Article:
The man with two tunics should share with him who has none, and the one who has food should do the same.

Perhaps, rather than giving more and more to those who already have (and receiving when we already have), John’s ethic for the advent call on those who “have” to account for what they have in excess and give it to those who have none. It isn’t a call to live in poverty per se, but it is a call to avoid the extravagant and share that which is excessive.

This seems to be a more appropriate way to prepare for the arrival of Jesus and God’s kingdom on Christmas day. But, of course, it is also counter to the consumeristic impulses that drive the McCulture.

I’m wondering: what if, as a part of our Christmas celebration, our families took the time to look around our homes, find things that we possess in over-abundance (especially – in our case – clothes and toys), and give them away at the local Salvation Army? Just a thought.

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November 25, 2005

“Have a nice day.”

These words were spoken to me by a very haggard looking twenty-something female about two weeks ago. She seemed nice enough – probably someone who would enjoy chatting with you over a cup of coffee about music, family, or friends. But I was pretty certain of something when she said this.

She didn’t mean it. Its not that she was a mean person or anything – I just don’t think that the most pressing issue on her mind at the moment was whether the rest of my day was enjoyable or not.

Here is what was going on at the moment: she had just handed me a couple of sacks full of various forms of semi-digestible, grease-saturated food, two cheaply made toys that originated from Asia, and a factory-processed salad. In return, I had given her $11.48.

She told me to “have a nice day” because somewhere behind the drive-through window at her workplace is a company manual, identical to the same company manual in thousands of other workplaces that tells her she is supposed to recite those words to me after she hands me my sack of deep-fried, processed food product. Presumably, I will be impressed by the fact that she and the McDonald’s Corporation want me to have a nice day, my experience will be slightly more pleasant, and I will be slightly more inclined to come back more often.

Her words were all about marketing and branding that would benefit other people. It had nothing to do with any relationship that the two of us shared.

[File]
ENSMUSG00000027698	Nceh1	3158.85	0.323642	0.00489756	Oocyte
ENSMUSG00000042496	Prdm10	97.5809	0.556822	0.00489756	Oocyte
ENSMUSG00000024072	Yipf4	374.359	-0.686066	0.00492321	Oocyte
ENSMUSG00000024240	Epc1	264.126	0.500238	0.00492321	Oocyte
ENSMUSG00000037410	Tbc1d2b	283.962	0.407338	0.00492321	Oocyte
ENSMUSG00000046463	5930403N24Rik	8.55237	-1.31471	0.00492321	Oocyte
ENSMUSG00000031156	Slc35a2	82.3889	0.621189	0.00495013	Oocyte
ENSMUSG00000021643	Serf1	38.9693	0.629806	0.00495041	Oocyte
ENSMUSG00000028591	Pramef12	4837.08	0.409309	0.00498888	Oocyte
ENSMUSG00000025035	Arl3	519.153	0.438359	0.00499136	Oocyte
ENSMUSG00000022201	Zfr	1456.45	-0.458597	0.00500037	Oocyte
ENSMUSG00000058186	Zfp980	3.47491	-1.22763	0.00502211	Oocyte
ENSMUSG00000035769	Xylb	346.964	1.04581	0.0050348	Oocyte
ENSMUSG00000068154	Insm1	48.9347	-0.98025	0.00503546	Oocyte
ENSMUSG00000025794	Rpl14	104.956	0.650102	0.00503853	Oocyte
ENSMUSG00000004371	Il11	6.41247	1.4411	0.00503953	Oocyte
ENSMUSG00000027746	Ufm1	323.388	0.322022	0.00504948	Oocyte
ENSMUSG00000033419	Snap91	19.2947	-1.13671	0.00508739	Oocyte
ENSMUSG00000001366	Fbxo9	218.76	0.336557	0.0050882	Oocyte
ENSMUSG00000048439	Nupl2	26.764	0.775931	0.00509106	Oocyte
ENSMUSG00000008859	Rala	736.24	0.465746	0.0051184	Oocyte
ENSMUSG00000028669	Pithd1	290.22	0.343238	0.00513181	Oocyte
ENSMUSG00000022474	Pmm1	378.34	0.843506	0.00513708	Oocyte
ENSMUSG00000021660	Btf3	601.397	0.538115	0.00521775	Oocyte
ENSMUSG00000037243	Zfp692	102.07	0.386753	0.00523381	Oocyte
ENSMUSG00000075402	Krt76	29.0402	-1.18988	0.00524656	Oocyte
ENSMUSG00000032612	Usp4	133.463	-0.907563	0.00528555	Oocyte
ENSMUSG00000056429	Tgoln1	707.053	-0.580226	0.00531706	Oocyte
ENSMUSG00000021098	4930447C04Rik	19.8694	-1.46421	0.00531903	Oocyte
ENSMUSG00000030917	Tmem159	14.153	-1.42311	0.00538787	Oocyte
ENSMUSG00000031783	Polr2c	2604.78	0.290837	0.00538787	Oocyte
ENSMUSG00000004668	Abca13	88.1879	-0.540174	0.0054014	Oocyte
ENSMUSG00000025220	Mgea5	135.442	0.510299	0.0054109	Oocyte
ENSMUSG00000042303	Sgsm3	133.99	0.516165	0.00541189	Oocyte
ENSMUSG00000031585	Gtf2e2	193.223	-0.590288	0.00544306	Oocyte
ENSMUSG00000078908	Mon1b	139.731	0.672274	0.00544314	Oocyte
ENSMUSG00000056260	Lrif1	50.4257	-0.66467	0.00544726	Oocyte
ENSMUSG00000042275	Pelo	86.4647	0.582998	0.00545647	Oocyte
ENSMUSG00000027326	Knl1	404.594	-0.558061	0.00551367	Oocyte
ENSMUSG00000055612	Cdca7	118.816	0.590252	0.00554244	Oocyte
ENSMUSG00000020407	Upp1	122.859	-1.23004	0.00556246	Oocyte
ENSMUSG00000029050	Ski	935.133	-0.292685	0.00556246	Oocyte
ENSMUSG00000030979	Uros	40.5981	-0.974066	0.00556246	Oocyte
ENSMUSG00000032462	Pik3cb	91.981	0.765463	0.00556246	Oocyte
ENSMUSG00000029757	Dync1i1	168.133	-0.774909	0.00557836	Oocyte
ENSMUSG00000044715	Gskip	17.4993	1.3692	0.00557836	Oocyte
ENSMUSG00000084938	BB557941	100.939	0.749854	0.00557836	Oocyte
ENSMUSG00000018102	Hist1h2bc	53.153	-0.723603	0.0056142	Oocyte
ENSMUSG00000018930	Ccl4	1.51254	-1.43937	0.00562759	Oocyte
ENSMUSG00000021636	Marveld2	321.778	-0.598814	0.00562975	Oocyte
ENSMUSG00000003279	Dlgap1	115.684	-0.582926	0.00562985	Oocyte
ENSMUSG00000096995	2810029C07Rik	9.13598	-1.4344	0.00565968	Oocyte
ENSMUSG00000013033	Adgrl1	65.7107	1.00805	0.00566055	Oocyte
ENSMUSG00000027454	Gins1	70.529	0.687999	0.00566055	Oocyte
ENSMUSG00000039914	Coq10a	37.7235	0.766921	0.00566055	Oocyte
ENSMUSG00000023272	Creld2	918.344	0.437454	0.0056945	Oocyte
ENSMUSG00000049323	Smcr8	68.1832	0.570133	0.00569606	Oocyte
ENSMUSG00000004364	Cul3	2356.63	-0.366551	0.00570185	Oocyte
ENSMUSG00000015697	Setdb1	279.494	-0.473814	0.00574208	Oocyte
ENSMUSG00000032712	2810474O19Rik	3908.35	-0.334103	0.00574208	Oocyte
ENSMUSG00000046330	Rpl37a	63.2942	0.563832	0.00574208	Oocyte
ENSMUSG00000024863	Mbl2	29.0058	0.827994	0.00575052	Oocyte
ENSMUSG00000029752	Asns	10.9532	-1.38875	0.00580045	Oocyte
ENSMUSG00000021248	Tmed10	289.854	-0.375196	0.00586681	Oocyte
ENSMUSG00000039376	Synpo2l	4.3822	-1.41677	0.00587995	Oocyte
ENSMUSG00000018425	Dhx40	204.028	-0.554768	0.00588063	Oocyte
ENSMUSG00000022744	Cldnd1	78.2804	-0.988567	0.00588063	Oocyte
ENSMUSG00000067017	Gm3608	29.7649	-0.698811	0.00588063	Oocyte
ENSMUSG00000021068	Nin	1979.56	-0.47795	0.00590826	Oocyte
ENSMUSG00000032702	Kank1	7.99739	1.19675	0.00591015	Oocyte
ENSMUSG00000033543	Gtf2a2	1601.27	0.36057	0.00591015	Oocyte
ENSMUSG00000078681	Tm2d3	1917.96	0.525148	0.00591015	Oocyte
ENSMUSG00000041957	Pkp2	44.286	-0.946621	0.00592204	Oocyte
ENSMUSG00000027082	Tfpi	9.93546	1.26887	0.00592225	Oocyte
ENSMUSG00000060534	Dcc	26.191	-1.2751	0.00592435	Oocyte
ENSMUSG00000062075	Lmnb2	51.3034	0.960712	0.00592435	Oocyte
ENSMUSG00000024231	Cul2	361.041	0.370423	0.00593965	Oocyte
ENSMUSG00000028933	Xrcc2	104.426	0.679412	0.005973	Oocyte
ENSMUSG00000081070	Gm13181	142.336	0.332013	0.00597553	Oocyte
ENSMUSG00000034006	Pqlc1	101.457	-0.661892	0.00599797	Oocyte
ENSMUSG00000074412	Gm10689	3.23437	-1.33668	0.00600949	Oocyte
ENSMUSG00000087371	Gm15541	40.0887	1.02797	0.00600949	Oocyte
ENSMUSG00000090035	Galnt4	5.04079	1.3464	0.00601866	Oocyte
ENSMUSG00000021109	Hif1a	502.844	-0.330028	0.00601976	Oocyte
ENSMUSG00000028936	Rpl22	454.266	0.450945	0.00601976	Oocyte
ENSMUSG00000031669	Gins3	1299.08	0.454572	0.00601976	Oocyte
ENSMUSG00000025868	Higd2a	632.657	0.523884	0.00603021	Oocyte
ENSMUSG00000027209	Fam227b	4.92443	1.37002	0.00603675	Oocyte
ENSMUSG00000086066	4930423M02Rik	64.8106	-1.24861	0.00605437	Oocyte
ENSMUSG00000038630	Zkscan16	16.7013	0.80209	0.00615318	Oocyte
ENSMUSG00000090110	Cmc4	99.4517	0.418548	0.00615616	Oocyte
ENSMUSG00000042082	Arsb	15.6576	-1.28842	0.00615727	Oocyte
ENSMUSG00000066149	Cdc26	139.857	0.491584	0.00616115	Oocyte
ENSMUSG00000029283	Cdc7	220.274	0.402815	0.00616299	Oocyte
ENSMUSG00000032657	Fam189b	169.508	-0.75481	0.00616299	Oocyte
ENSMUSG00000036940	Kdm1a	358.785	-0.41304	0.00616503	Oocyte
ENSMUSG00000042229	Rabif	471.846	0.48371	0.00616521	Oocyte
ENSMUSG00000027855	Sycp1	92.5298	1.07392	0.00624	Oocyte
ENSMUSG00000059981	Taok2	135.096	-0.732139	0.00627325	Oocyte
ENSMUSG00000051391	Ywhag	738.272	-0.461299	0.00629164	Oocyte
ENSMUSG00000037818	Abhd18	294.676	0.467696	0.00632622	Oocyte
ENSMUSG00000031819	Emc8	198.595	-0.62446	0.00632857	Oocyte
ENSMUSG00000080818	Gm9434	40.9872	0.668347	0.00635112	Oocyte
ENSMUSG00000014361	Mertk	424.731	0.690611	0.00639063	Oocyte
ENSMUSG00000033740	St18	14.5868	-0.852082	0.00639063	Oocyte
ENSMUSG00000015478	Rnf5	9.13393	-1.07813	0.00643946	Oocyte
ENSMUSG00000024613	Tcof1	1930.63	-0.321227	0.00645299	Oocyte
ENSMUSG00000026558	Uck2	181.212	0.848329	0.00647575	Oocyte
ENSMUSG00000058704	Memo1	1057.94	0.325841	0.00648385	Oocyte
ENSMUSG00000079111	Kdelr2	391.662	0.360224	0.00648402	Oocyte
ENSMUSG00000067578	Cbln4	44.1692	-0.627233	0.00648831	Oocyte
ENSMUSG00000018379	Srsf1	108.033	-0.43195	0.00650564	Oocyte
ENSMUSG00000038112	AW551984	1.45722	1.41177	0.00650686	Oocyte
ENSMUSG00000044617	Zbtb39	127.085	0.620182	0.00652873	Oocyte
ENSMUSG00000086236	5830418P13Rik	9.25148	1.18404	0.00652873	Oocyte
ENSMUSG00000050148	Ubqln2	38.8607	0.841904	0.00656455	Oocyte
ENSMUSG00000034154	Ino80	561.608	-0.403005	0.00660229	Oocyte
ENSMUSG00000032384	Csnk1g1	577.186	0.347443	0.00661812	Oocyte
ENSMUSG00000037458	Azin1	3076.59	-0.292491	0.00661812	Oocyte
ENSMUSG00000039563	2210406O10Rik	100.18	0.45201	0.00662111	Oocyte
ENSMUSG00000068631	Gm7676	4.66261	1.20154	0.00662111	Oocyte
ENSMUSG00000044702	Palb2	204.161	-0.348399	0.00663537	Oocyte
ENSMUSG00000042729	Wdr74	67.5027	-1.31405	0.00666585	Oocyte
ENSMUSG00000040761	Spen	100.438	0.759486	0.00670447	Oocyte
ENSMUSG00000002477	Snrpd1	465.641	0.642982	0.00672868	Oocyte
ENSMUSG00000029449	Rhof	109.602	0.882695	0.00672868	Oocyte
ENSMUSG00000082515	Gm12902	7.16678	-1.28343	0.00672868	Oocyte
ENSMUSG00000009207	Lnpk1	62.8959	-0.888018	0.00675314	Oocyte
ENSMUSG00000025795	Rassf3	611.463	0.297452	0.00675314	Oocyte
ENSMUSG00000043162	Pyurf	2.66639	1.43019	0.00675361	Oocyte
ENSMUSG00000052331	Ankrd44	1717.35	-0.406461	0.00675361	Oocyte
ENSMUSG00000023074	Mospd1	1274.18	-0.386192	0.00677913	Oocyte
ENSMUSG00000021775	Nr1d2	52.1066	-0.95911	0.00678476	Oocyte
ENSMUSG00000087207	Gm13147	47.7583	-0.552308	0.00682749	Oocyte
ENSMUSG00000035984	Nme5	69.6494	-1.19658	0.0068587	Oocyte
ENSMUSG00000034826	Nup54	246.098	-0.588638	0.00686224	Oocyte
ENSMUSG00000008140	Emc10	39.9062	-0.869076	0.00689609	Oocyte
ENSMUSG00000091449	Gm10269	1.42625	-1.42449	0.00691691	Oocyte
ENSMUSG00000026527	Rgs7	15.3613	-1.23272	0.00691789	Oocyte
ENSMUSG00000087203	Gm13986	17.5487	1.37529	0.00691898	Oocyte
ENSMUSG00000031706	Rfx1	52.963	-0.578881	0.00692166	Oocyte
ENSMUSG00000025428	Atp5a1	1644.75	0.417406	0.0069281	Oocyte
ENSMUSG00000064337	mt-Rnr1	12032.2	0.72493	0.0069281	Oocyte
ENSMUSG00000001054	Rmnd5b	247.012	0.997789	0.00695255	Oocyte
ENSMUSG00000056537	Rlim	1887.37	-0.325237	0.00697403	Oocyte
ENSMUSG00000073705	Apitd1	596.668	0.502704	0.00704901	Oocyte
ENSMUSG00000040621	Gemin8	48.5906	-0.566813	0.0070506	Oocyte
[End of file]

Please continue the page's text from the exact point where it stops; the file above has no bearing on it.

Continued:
It felt icky that we were both there – in the same place at the same time – pretending to have a real relationship when her words were utterly insincere. It was even icky-er than the food she had just handed me.

It was in that moment – the moment where she spoke those words and I simultaneously realized that she was only saying them because she had to – that I had an truly disturbing epiphany: corporate culture really is dehumanizing us all.

I had heard the accusation before, of course. But I had always dismissed such an accusation as the semi-coherent ramblings of a bunch of ex-hippies and hippy wannabes: probably the result of too much LSD during the 60s.

But this was one of those rare moments in life: one where a light suddenly comes on and the world changes in an instant. Lines suddenly formed between various dots from my education and experience, forming a completely new picture before the words had even finished coming out of her mouth.

She was there because she wanted to get a relatively small paycheck from an international corporation (or its carefully controlled franchisee). By my rough calculations, she would probably get to “keep” about 20-40 cents of the money I gave her when she got her paycheck. It would also probably cost about $4-$5 to pay for overhead for the restauraunt, for the paper goods she handed me, and for the ingredients (such as they are) in the food that I purchased.

The rest of the money that I gave her would flow from this small establishment to a local bank account, then to an larger international bank account. The money from that account would be distributed to people in various levels of corporate management: CEOs, CFOs, marketing people, advertisers, etc., etc. What is left over would then be distributed to shareholders – a few of whom are very wealthy, but most of whom (to be fair) are probably average, every day working folks who are nervously watching their retirement accounts to see whether its investments will be sufficient for their retirement.